Unveiling the secret of selling high-priced rare shoes


IndiaMany Gen Zs in India have entered the limited edition shoe resale industry to get rich, despite the risks.

At the age of 17, Vedant Lamba, born in 1999, owner of a resell fashion and sports shoe store in Mumbai, bought himself a pair of Adidas NMD with price 163 USD (about 3.7 million VND). Wearing new shoes out, he feels himself “like a god”.

“When I found out that the original stores were out of this version, I tried searching elsewhere and realized they were being sold at exorbitant prices,” Lamba said.

Vedant Lamba, one of the first to enter the limited edition sports shoe resale industry in India, expects the field to boom in the next three years. Photo: Vedant Lamba

The resell industry (buying from genuine distributors and reselling to consumers) is quite popular in the world with a revenue of up to 30 billion USD by 2030. In India, the country is a big consumer of footwear. second in the world, the trend of collecting rare shoes for resale at high prices is booming.

According to Lamba, Indians like to flaunt their wealth with status, gold or property. And today shoes.

Likhit Sreenivas, 17, started reselling high-priced sneakers four years ago. He realized that the sports shoe market in India is heavily influenced by celebrities. Many people are willing to spend $ 10,000 when they see the artist wearing Air Jordan Dior, even though they do not understand anything about the brand just now. “The only thing they know about Dior is the high-end brand,” says Sreenivas.

Shoes like Nike Air Jordan or Adidas Yeezy are only sold by brands for a short time. To own, shoe hunters must have “insiders” who are employees at Nike, Adidas stores, or ask friends and relatives abroad.

“90% of limited edition sneakers are available in India, but very few ordinary consumers can afford them,” said Anchit Kapil, 34, co-founder of sports and fashion retailer CrepDog Crew said.

According to Kapil, shoe stores often contact distributors directly to get goods. This is something that people cannot do, whether in line for two days in front of a store or waiting for 5 hours in front of a computer, the probability of buying is only 0.1%.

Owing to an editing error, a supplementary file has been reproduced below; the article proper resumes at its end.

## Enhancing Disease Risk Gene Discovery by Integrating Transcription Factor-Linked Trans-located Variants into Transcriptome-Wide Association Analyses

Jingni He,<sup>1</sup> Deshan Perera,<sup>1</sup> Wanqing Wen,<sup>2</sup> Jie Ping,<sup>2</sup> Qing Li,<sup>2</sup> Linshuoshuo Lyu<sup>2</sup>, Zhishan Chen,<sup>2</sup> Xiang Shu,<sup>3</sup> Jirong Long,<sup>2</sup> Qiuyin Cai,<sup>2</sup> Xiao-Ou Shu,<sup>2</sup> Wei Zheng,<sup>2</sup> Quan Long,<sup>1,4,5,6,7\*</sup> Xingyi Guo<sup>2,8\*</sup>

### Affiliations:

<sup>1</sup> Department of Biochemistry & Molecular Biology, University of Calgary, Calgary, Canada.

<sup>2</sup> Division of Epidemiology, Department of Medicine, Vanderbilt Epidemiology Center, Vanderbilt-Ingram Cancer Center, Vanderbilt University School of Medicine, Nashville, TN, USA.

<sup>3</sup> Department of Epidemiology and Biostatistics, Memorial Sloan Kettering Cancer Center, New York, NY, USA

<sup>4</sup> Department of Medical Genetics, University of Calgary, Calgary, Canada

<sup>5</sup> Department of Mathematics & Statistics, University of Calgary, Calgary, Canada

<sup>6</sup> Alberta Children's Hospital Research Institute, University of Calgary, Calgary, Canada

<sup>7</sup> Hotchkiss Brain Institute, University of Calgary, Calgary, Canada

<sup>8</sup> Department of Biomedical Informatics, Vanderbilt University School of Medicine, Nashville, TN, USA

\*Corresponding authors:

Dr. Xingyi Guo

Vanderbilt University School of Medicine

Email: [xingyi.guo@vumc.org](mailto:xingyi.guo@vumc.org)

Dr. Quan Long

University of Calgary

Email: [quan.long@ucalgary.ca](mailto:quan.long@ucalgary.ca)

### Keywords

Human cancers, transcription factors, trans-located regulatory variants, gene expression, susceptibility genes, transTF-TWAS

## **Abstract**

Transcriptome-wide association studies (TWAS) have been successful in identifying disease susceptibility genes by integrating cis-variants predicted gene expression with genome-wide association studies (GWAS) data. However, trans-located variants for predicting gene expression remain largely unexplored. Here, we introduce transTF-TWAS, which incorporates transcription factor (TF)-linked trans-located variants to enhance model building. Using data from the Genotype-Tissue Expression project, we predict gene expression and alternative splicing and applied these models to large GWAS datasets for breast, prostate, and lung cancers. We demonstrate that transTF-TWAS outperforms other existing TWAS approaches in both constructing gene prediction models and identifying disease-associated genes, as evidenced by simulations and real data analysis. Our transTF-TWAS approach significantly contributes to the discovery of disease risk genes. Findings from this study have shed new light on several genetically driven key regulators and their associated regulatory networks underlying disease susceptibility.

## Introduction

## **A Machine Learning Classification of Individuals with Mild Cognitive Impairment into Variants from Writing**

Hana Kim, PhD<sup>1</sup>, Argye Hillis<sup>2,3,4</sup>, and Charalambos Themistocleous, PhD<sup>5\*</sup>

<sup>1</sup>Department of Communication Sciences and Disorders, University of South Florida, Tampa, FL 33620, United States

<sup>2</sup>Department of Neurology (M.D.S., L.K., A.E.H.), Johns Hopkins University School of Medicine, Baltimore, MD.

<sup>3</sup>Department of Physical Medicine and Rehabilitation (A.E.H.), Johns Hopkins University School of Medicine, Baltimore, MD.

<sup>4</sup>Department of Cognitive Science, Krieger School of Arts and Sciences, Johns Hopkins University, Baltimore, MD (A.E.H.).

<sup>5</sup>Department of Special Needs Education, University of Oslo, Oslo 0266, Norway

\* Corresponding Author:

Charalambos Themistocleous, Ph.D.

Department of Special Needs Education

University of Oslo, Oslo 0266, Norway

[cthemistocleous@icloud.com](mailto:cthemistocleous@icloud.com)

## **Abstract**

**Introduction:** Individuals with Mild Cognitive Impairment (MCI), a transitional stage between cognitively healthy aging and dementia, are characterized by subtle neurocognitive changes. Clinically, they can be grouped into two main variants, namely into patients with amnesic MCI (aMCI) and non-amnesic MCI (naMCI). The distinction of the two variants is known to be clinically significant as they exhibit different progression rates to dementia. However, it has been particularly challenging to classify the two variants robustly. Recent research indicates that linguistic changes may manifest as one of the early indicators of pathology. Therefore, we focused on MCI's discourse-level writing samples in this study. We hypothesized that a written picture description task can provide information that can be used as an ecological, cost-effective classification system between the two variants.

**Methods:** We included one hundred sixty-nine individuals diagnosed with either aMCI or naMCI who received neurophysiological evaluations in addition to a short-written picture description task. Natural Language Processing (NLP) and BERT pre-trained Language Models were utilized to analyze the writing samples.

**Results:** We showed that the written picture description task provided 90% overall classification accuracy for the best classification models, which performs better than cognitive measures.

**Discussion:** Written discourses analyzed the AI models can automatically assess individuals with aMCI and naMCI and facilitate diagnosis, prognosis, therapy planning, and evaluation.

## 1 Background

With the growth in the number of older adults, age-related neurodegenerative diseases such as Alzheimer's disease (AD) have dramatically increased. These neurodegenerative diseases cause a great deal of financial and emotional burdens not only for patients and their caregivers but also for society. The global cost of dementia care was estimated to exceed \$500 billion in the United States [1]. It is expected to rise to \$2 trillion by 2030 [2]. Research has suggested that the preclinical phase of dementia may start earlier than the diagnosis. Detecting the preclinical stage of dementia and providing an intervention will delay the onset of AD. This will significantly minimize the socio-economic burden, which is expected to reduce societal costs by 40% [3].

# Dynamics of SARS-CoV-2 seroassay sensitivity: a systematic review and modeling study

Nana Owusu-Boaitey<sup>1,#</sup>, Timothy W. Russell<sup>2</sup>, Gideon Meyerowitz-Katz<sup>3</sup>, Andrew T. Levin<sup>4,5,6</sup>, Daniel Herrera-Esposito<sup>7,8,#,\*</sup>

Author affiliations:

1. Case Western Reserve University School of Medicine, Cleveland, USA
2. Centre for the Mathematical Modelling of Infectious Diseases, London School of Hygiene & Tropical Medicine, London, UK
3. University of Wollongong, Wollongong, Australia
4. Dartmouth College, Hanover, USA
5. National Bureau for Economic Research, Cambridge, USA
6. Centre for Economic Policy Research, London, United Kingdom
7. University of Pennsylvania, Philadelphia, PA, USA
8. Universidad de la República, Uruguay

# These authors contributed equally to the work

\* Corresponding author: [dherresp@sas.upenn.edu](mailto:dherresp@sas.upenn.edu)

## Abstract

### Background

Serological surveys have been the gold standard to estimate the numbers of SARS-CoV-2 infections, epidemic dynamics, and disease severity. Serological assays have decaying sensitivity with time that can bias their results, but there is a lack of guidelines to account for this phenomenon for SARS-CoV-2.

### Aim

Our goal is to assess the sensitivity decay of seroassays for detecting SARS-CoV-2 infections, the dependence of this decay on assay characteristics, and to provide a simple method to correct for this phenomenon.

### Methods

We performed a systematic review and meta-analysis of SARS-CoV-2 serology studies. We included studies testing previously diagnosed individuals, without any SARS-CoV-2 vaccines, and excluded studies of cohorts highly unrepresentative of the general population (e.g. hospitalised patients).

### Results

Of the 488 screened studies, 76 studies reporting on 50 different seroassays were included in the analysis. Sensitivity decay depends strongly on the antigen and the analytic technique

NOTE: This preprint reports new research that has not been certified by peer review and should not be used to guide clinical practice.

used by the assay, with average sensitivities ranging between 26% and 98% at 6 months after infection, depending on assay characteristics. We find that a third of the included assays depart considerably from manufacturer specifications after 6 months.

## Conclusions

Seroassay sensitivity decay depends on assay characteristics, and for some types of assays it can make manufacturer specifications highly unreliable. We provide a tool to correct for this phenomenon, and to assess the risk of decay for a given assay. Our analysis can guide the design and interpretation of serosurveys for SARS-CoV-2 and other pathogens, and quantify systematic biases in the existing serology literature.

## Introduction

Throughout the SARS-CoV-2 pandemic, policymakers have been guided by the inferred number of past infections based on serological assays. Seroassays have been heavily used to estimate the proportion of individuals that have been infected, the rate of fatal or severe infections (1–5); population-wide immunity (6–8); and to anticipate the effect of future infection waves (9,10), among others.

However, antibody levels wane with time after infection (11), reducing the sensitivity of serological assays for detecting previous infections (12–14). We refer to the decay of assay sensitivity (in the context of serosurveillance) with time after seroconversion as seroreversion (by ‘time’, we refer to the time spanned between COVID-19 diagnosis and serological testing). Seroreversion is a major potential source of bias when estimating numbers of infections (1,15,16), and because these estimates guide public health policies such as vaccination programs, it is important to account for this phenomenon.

To increase their chances of being in the 0.1% group, many people use automated software (bots) to carry out the ordering and payment process “in the blink of an eye”.

Ishan Chauhan, 18, a shoe reseller in Delhi, admitted to using the Nike bot for business. “They don’t guarantee you’ll buy them, but at least they increase your chances of buying,” Ishan said.

Low sales volume, high buying demand, makes reselling high-end sports shoes a super profitable investment for Gen Z.

Many young people flock to the shoe reselling industry, making this market gradually heat up. However, lack of experience from reality will cause them to “fall down”, especially scams.

The Nike Air Jordan Dior shoes in the CrepDog Crew store.  This is a limited edition sports shoe whose price is pushed to the sky by scarcity.  Photo: CrepDog Crew.

The Nike Air Jordan Dior shoes in the CrepDog Crew store. This is a limited-edition sports shoe whose price has been “pushed to the sky” by scarcity. Photo: CrepDog Crew.

In October 2020, 17-year-old Kabir Singh tried his hand at selling branded shoes by setting up an exclusive chat group on WhatsApp. Members pay a fee of $134 to access rare orders.

There, Singh got to know Sanchit Gupta, 27 years old. After many months of doing business, Singh cooperated with Gupta, agreeing to use the same account to trade and make money. “In the beginning, Gupta traded fairly, when I was busy studying for exams he would take money from customers to buy shoes. After a while, not a single customer received the shoes even though they had paid for it,” Singh said. Not only stealing from guests, Gupta openly accused Singh of being a fraud.

“He told the customer I was the one responsible. People started threatening to beat me up if I didn’t pay,” Singh said. Things only stopped when Singh’s family had to give Gupto $20,000 to stop the lies.

Lack of experience also makes it easy for young entrepreneurs to buy fake goods.

Kavaya Garg, 18, once received a pair of fake shoes when trying to buy them cheaply due to lack of capital. “Fortunately, I double-checked before delivering to customers. Since then, I understand the importance of verifying real and fake goods,” he said.

It is easy to make a profit, but most young people think that this job does not really bring stability in the long run. “I don’t think this is a sustainable business,” said 20-year-old Rishubh SV, a dealership owner from Bengalury.

Shoe dealer owners evaluate, resell shoes can develop in the next 5 to 10 years, but not forever.

Quynh Nguyen (According to VICE)

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